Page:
(2019) OTHMAR SCHOECK: DAS SCHLOSS DÜRANDE
World Premiere Recording
This reworking of Das Schloss Dürande aims to restore to the international operatic stage a significant opera of late-tonal Modernism that in the long term will have to find its own way into the repertoire alongside the works of Richard Strauss, Leoš Janáček, Franz Schreker and Alexander Zemlinsky.
Its late-Romantic style, which is common to the “lyrical” Schoeck of the songs and the “dramatic” Schoeck of the opera Penthesilea, here explores the very boundaries of what the idiom would allow.
At the same time, both these aspects of his oeuvre are so closely interwoven that the result in Dürande – which we are now able to rediscover for ourselves – is wholly autonomous and appropriate to its subject, almost postmodern in conception, and still capable of sweeping us off our feet today.
Das Schloss Dürande (1937–1941)
Opera in four acts after a novella by Joseph von Eichendorff
New version (2018) of Hermann Burte’s original libretto by Francesco Micieli making free use of texts by Joseph von Eichendorff
Musical adaptation: Mario Venzago
In collaboration with a research project of the Bern University of the Arts (HKB) under the direction of Thomas Gartmann
The recast of the Librettos has been made within the framework of a research project of the Bern University of Arts supported by Swiss National Science Foundation, the Canton & City of Bern, SWISSLOS/Kultur and the Scientia & Arte Foundation.
The Conductor's thoughts on the present CD
It goes without saying that this opera – given the stigmatising circumstances of its genesis and its performance history as described above – cannot be performed again in its original form. I made an initial, somewhat half-hearted attempt at radically excising Burte’s makeshift rhymes and dramaturgically trite text from the score, leaving just the music behind.
And it was only then that I recognised the impact of the music, its power and immediate sincerity. I also grasped that Schoeck had obviously composed his music over long stretches before even getting the text from his librettist. Without the text, without any words, the music itself tells the story of Eichendorff’s novella in a compelling, unambiguous manner. I also recognised those passages where the composer had been compelled to extend his phrases and patch together bars in order to accommodate Burte’s laborious verses more or less creditably.
These joins have remained so visible that we can open them up again without damage to the musical substance, and then with a certain amount of skill we can simply let the new verses flow into the music – without Burte’s excrescences. When I listen to the performance documented on this CD, I experience just what I had so very much hoped for: the almost addictive rapture of the great Othmar Schoeck, with his visionary voice. This work is undoubtedly one of the most extraordinary to have ever come from his pen.
In fact, it’s really his unspoken magnum opus. As in his other works from the war years, he continues to employ a musical vocabulary here that was already long out of date, if not in fact obsolete. We find much that is tonal and familiar, but so passionate and cleverly packaged that it doesn’t just come across as utterly authentic and appropriate, but also as exciting, new, and deeply modern. Either way, it’s unique!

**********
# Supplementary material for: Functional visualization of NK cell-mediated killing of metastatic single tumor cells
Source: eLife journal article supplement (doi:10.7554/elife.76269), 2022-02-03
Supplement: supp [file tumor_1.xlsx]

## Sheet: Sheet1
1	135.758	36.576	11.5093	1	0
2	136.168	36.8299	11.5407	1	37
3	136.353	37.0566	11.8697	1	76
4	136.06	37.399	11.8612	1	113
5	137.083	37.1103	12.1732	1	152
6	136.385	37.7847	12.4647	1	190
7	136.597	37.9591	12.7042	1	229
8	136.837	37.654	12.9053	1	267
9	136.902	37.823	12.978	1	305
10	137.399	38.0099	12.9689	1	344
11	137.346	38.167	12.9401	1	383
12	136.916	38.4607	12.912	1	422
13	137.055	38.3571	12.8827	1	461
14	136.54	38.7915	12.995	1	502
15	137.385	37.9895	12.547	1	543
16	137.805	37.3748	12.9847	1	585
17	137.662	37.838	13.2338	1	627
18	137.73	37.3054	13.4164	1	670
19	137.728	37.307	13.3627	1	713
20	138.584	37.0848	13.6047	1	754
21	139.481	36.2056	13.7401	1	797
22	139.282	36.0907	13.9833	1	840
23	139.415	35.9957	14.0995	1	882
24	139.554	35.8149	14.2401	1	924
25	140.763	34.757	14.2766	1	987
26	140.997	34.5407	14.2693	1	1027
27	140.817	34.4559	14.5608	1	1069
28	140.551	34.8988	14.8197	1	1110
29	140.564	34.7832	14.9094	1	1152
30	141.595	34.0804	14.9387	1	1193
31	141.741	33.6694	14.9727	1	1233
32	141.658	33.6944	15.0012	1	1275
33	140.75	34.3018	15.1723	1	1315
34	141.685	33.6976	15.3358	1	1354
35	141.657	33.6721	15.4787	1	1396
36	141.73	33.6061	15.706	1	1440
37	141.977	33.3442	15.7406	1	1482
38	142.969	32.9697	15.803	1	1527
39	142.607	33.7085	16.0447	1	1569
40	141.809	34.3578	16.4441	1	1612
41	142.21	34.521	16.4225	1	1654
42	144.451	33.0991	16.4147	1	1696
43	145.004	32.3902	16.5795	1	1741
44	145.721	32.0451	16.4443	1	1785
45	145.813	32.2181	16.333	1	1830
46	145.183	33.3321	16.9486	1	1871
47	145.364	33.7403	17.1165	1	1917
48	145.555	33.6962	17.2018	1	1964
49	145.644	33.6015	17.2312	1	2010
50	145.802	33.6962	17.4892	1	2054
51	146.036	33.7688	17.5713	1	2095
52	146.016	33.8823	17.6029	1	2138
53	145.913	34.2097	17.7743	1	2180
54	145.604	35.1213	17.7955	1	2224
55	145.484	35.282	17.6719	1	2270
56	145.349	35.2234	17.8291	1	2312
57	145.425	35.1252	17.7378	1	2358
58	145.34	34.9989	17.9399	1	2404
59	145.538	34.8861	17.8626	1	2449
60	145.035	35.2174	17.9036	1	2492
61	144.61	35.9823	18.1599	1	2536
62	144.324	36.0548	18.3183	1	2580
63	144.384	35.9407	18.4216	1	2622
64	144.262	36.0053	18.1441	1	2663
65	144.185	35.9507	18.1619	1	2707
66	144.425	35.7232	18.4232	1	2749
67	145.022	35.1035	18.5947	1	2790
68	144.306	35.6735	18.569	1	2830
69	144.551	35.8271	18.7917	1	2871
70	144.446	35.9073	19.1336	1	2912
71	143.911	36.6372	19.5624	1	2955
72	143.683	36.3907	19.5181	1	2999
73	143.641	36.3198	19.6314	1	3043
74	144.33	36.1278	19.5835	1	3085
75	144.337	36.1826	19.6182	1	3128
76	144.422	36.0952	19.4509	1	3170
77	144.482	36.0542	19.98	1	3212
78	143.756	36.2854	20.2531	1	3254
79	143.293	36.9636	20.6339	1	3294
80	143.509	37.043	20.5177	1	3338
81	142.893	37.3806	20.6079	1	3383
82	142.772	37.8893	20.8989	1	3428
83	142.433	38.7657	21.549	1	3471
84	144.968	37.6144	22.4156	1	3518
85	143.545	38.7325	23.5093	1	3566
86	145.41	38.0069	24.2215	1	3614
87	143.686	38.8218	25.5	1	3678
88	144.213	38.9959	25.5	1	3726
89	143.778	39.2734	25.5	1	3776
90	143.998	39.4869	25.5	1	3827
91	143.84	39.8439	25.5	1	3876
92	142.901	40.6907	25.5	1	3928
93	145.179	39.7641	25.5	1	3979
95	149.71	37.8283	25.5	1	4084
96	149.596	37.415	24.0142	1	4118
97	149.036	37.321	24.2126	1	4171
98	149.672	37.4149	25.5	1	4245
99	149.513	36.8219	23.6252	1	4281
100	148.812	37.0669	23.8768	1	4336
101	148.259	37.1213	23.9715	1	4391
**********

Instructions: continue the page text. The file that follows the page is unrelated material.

This CD is essentially the second step of an unparalleled project that was initiated by the Bern University of the Arts. In his book “Zurück zu Eichendorff!” – Zur Neufassung Othmar Schoecks historisch belasteter Oper “Das Schloss Dürande”, Thomas Gartmann offers a meticulous documentation of the whole process of restoration, so that everyone can judge for themselves if it has been a success – ethically, morally and artistically. Because in this second step, our concern is solely the music that everyone can now assess in its new context. It was our aspiration to present this ecstatic, richly colourful score on this CD as closely as possible to how it sounded at its recent world première.
So we have made hardly any edits, and engaged in no recording “tricks” at all. The singers mastered their task magnificently, and any little irregularities in their diction have been left untouched here. It is the listeners who will ultimately have to decide whether the implicit final step of our experiment can be undertaken: which is no less than the reintegration of Das Schloss Dürande into the operatic repertoire.
Armand, the young Count of Dürande, and Gabriele, the sister of the Count’s hunter Renald, are secretly in love with each other. However, Armand keeps his identity secret from her because he wants to be loved for who he really is, not for his title. Renald and a gamekeeper surprise the two lovers during their evening tryst. Armand is able to flee, despite Renald shooting at him in his rage. Instead, the bullet grazes Gabriele’s arm. But as he flees, her lover leaves behind his own pistol. Renald finds it, and realises the identity of its owner on account of the coat of arms engraved on it: it’s Count Armand. He fears for the innocence of his sister, and – given the difference in their class – he assumes that Armand’s intentions are dishonourable. So he insists Gabriele should retire to the nearby convent.
They intend travelling there first thing in the morning. But Gabriele sets off on her own during the night. The Prioress is her aunt, and Gabriele hopes she might offer her help. The next morning, Renald finds her bedroom empty. He hears the sounds of the Count out hunting with his men, and curses him and all his family.
On her way to early morning service, the Prioress discovers Gabriele, who has just arrived, exhausted. She is delighted to see her niece and takes her in. Later, Renald too appears, in turmoil. He implores the Prioress to protect Gabriele from the attentions of the Count as best she can. The cheerful hustle and bustle of the nuns and vintners working in the vineyards is briefly interrupted when Count Armand rides into the convent courtyard at the head of a small delegation. As is the custom, he is here for the first taste of the new communion wine. He now reveals himself to Gabriele. Their happiness lasts just a few moments, because Armand has to set off for Paris, where duties await him over the winter. Gabriele assumes the clothing of a young man and sets off in disguise to be near Armand in secret.